Today in media history: Reporting on the aftermath of Hurricane Andrew
Three events that happened on this date and a trivia question.
August 25, 1835
The New York Sun reports that astronomer Sir John Herschel has discovered life on the moon. The "Great Moon Hoax" is described in the following excerpt:
The first installment of the moon hoax appeared in the August 25, 1835 edition of the New York Sun on page two, under the heading "Celestial Discoveries." The brief passage read in part as follows: "We have just learnt (sic) from an eminent publisher in this city that Sir John Herschel at the Cape of Good Hope, has made some astronomical discoveries of the most wonderful description, by means of an immense telescope of an entirely new principle."
....On August 25, the Sun ran four columns describing what Sir John had been able to see, looking at the moon through his telescope.
So fascinating were the descriptions of trees and vegetation, oceans and beaches, bison and goats, cranes and pelicans that the whole town was talking even before the fourth installment appeared on August 28, 1835, with the master revelation of all: the discovery of furry, winged men resembling bats.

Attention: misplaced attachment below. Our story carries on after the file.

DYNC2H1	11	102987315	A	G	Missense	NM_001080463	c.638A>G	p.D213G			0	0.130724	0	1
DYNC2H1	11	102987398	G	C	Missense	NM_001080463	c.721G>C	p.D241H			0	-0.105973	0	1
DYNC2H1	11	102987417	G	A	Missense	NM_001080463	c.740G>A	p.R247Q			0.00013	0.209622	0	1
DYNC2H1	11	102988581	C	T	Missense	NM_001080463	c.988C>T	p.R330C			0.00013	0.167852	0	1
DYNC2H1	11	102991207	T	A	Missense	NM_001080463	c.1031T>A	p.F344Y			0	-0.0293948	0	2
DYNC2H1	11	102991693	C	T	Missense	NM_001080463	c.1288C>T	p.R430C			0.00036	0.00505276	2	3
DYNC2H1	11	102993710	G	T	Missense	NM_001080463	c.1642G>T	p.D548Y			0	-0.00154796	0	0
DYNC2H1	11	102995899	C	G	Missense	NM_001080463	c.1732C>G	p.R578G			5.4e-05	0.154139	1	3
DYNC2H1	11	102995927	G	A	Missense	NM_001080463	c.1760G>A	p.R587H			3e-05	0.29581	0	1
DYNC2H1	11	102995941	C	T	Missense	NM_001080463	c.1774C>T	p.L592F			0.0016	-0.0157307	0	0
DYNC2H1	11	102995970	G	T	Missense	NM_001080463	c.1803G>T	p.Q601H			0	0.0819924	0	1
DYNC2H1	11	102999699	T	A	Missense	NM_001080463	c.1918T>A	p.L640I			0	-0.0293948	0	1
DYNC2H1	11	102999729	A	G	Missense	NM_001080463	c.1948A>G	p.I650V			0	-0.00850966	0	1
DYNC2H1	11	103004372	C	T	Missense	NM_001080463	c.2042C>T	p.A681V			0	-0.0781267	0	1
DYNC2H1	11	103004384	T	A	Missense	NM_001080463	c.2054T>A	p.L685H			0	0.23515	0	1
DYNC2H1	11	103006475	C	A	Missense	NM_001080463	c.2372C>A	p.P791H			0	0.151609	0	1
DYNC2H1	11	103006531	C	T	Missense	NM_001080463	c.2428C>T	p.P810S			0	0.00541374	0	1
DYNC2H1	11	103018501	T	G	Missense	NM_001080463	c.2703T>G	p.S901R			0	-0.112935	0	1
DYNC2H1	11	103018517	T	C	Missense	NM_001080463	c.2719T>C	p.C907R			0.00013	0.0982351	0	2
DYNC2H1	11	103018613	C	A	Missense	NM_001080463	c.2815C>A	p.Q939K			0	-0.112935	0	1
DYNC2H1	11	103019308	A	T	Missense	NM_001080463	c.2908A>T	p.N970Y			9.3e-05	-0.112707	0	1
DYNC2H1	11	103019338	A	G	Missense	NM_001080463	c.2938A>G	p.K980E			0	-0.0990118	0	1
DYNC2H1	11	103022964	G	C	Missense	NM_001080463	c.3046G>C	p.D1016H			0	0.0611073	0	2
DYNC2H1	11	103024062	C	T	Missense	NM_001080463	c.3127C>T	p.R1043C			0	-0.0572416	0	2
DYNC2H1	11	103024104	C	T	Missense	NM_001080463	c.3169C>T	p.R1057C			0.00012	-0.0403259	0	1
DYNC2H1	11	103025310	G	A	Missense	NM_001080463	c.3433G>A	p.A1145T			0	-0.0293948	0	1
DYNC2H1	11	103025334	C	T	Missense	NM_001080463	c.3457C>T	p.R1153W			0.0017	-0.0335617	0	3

....The Sun of September 16, 1835, admitted the hoax. When the hoax was exposed people were generally amused. It did not seem to lessen interest in the Sun, which never lost its increased circulation.
--- "The Great Moon Hoax of 1835"
By R.J. Brown, HistoryBuff website
August 25, 1947
One of the first TV network evening newscasts, "The Walter Compton News," moves from Washington, DC's WTTG to the DuMont network. From 1946 until 1956 the DuMont network was considered the fourth major television network.
August 25, 1992
The media reports on the aftermath of Hurricane Andrew. The day before, on August 24th, Andrew ripped through South Florida destroying parts of Homestead. Eighteen people were killed and thousands left homeless or without water and power. Reporters described the billions of dollars of damage caused by the powerful winds. In the days following the destruction, the Miami Herald investigated how lax building codes allowed much of the structural damage to happen. Herald staffers earned a 1993 Pulitzer Prize for their comprehensive reporting.
(Video: WTVJ-TV's "Hurricane Andrew Coverage Clips")
(Video: The Miami Herald's "Scenes from Hurricane Andrew")
(Video: WFOR-TV's "Hurricane Andrew 20 Years Later")